When it comes to reducing opioid abuse and overdose deaths, policymakers need to place more emphasis on the problem of physicians who overprescribe the powerful painkillers.
That’s one of the conclusions from a new paper by researchers at Brandeis University, the University of North Florida, and Johns Hopkins University in the journal Annual Review of Public Health. They also call for improved access to opioid addiction treatments.
Andrew Kolodny, MD, of the Heller School for Social Policy and Management at Brandeis University, and colleagues found that since 2002, while new cases of non-medical abuse have declined, deaths from overdosing on painkillers has skyrocketed. Because of this, the researchers claim that recreational use of painkillers is not the main reason for the problem.
Rather, they contend that dramatically rising rates of opioid addiction is the real culprit. They write that since 1997, the number of Americans seeking treatment for painkiller addiction has jumped 900%.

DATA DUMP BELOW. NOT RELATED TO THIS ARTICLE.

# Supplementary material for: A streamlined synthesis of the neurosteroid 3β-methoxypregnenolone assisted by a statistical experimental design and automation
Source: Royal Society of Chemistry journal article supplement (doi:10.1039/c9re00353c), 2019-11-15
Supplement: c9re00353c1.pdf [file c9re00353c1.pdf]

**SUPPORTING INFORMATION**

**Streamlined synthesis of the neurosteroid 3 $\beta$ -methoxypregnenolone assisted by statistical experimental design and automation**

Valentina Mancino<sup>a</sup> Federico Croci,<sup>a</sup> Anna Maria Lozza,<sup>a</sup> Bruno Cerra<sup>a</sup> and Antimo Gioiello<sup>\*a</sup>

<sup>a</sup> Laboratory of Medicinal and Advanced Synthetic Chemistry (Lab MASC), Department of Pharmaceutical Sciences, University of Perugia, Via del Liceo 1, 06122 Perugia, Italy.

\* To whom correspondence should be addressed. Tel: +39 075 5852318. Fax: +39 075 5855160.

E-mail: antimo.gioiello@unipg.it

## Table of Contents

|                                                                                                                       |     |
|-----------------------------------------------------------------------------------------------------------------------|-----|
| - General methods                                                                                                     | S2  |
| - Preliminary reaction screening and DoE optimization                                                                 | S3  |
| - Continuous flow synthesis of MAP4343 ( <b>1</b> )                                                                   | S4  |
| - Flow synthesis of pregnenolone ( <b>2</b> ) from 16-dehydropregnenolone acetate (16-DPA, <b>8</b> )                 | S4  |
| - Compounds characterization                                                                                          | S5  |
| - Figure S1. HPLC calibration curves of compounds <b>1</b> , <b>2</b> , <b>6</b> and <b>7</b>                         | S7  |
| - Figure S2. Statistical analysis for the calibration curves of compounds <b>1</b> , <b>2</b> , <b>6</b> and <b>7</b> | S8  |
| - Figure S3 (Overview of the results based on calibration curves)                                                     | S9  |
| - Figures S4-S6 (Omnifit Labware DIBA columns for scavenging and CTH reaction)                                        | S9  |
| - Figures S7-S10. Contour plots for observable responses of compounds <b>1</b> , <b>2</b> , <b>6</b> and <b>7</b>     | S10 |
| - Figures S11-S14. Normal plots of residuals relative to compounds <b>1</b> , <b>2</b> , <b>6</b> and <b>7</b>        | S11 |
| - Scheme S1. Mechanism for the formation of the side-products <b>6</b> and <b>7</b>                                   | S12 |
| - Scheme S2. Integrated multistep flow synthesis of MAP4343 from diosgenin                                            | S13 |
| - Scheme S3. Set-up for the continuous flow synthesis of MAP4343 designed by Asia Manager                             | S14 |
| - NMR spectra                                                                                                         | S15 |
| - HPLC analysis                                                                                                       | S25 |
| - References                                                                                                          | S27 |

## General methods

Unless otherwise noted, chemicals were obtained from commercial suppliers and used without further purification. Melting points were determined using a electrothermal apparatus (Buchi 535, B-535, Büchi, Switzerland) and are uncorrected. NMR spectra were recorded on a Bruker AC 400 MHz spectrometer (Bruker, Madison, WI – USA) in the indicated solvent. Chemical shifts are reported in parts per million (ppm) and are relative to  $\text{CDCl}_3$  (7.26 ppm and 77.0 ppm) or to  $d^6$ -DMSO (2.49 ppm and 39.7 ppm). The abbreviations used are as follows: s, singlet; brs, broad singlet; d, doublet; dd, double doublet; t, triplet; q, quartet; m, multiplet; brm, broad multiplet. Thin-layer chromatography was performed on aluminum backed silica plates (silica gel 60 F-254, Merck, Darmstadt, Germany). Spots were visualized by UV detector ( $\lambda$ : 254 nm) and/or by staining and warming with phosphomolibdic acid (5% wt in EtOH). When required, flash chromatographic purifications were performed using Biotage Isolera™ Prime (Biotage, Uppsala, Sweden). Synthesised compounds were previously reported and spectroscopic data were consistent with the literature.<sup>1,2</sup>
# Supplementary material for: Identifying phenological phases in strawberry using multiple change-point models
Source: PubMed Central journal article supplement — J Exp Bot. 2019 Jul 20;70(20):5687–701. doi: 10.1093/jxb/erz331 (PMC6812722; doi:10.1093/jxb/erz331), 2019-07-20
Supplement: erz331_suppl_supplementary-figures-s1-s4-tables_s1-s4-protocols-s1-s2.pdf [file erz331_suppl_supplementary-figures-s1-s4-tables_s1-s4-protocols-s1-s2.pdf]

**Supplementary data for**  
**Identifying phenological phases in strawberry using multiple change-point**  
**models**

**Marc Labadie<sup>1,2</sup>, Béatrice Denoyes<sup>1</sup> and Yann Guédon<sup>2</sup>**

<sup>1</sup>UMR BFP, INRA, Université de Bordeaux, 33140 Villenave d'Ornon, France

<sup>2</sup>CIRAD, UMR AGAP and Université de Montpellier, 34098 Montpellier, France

The researchers say that public health strategies that have been used to contain disease outbreaks can also be used in getting the opioid crisis under control.
“By encouraging and, if necessary, requiring prescribers to use [prescription drug monitoring programs (PDMP)], and by pro-actively sending them prescription data on their patients, states can help medical providers intervene at an early stage of addiction and get patients who need it into treatment,” John Eadie, a study co-author and director of the PDMP Center of Excellence at Brandeis, said in a statement.
Policymakers need to look beyond just the recreational abuse of opioids in their efforts to reduce overdose deaths, and focus more on the problem of doctors who are overprescribing opioids as painkillers, said researchers at Brandeis University, the University of North Florida, and Johns Hopkins University.
There also needs to be greater access to opioid addiction treatments, they said.
In a new comprehensive study, scientists show that since 2002, new cases of non-medical abuse have gone down, and yet painkiller overdose deaths have soared. This is evidence, they say, that recreational use of painkillers is not a key driver of crisis.